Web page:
On January 31st John suffered a massive stroke. By the time we arrived to the emergency room he was on a ventilator. His closest friend, Barry, had already gotten there and was with Alex, John’s wife. Only two people were allowed in the treatment area so Patrick joined them to help translate comments from the doctor.
Our daughter Erinn happened to be home for the day and was with me in the waiting area. John and Alex are Godparents to our children and, ironically, Erinn is a Neuroscience major at William & Mary. I was grateful for her presence. She and I waited together, speculating and praying. The neurosurgeon arrived and quickly decided to insert a catheter into John’s brain to allow the hemorrhaging blood to drain. We all walked with the rolling bed through the back corridors of the hospital to the surgical area. All the while, a pulmonary technician was bagging the ventilator. It was a Saturday night and the halls were dim and abandoned. It was surreal. We stayed late with Alex until the surgery was complete and he was moved to ICU. We didn’t see him until the following day.
John was supported by a ventilator, a feeding tube and a myriad of other life saving devices for about two weeks. After that he spent a few days on the neurological floor at St Mary’s and then was released to Sheltering Arms at St Francis. We knew early on that he would not suffer from paralysis or loss of speech. On the third day when they removed the ventilator he woke up kicking and moving his arms and he was able to talk. In true John fashion, he attempted to remove and dismantle every device that was keeping him alive. Alex stayed with him around the clock, encouraging him and keeping him calm. He had to wear “mittens” to prevent him from tugging on tubes and wires. By the time he had removed the feeding tube for the third time, he was able to eat soft foods so the nurses gave up the fight. They would allow the mittens to be removed when someone was with him to make sure he didn’t pull the drain out of his head. We brought toys for him to play with and the nurses gave him abandoned tubing to fiddle with, anything to keep his hands and brain occupied. He lined up his food on his plate, ate in a particular order and rearranged his tray over and over. The nurses explained that engineers, mathematicians, and construction folks often organize and dissect their surroundings as part of their healing process.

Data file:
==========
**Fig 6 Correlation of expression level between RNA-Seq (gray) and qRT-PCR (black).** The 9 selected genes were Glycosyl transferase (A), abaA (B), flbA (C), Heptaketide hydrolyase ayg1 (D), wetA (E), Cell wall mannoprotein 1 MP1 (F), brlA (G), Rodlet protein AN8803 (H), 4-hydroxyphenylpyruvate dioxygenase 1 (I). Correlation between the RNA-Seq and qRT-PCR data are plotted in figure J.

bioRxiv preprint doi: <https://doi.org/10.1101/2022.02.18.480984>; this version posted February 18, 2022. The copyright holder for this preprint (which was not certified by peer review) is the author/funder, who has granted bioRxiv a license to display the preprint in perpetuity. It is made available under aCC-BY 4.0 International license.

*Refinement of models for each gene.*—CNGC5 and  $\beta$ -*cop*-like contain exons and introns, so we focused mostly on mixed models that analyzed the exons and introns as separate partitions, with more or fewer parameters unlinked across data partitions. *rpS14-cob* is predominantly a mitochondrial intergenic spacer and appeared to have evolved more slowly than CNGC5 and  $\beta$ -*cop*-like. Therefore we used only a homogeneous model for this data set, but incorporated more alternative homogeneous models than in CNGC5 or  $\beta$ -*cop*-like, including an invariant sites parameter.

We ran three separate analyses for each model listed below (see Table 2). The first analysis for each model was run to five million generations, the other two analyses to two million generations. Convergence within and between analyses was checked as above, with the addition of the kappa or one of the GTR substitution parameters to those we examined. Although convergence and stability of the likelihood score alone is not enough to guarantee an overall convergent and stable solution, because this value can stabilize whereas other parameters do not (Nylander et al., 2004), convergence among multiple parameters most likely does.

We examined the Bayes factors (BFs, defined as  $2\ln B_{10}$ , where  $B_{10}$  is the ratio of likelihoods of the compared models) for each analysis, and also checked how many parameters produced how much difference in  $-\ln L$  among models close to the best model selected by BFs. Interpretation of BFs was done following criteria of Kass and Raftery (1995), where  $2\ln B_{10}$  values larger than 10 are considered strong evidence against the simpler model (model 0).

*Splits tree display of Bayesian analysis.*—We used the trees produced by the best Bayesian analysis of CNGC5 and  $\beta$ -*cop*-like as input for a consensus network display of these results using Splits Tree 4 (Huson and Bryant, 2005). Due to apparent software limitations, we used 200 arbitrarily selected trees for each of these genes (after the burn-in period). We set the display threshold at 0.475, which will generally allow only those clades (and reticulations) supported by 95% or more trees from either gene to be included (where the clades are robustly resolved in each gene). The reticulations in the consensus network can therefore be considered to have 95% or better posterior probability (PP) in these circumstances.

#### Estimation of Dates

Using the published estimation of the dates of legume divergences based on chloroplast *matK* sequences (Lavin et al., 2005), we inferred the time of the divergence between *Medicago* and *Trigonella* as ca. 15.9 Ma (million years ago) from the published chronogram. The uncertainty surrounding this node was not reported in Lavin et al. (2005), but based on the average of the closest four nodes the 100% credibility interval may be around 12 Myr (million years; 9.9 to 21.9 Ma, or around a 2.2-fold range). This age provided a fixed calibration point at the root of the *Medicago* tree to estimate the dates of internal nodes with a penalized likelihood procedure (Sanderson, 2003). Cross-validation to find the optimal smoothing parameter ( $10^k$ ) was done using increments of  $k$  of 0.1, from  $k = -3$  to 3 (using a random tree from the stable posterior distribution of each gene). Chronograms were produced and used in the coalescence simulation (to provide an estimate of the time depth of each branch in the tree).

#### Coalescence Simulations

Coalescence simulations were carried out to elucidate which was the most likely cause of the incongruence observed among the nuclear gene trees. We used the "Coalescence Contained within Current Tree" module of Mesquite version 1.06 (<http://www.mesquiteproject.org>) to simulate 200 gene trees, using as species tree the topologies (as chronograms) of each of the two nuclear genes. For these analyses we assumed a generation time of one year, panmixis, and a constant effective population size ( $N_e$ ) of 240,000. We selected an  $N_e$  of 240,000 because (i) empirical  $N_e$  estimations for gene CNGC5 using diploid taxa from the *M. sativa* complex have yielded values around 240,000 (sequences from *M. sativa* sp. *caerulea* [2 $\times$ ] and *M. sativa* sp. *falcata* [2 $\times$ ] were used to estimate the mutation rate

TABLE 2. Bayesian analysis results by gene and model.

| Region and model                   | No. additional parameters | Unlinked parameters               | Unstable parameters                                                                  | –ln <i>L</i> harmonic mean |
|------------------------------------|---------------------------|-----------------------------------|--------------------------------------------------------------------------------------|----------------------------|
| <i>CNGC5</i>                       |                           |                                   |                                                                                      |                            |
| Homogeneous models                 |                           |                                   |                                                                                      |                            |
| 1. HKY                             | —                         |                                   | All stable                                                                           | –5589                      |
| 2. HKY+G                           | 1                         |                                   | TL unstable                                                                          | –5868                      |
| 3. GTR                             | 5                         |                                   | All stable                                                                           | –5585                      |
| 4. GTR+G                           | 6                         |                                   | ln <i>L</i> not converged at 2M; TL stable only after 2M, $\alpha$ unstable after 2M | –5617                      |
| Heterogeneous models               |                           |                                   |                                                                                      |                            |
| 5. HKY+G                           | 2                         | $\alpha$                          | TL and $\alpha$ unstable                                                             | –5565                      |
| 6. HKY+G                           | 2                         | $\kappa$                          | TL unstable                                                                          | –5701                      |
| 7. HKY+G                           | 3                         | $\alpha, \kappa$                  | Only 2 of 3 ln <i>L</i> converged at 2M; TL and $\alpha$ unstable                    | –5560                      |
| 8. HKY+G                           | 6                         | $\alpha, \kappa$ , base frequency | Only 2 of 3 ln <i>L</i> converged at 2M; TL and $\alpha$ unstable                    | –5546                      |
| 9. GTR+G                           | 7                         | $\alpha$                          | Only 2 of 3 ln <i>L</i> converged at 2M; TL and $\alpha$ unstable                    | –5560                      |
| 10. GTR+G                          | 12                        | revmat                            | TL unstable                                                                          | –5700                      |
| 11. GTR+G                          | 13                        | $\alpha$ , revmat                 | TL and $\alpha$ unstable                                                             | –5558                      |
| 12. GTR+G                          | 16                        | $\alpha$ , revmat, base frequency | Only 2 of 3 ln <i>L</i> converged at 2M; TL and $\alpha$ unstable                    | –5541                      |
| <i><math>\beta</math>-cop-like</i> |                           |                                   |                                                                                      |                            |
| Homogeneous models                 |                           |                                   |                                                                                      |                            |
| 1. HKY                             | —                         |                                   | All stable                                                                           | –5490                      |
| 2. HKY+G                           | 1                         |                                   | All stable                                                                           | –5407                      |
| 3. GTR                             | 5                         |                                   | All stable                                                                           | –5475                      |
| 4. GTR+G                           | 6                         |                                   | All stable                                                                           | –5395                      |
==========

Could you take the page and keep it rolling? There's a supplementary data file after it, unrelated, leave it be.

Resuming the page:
Alex was really great at staying focused on the day at hand. The rest of us were speculating and worrying among ourselves. What damage would there be? What deficits would he experience? What if…? His mother and sister sat by his side for hours. We watched the ICU nurses attend to his every need, every minute of the day and night. What a remarkable group of professionals! When John first awoke he didn’t remember much, including the people closest to him but everyday saw improvement in his recognition and ability to communicate.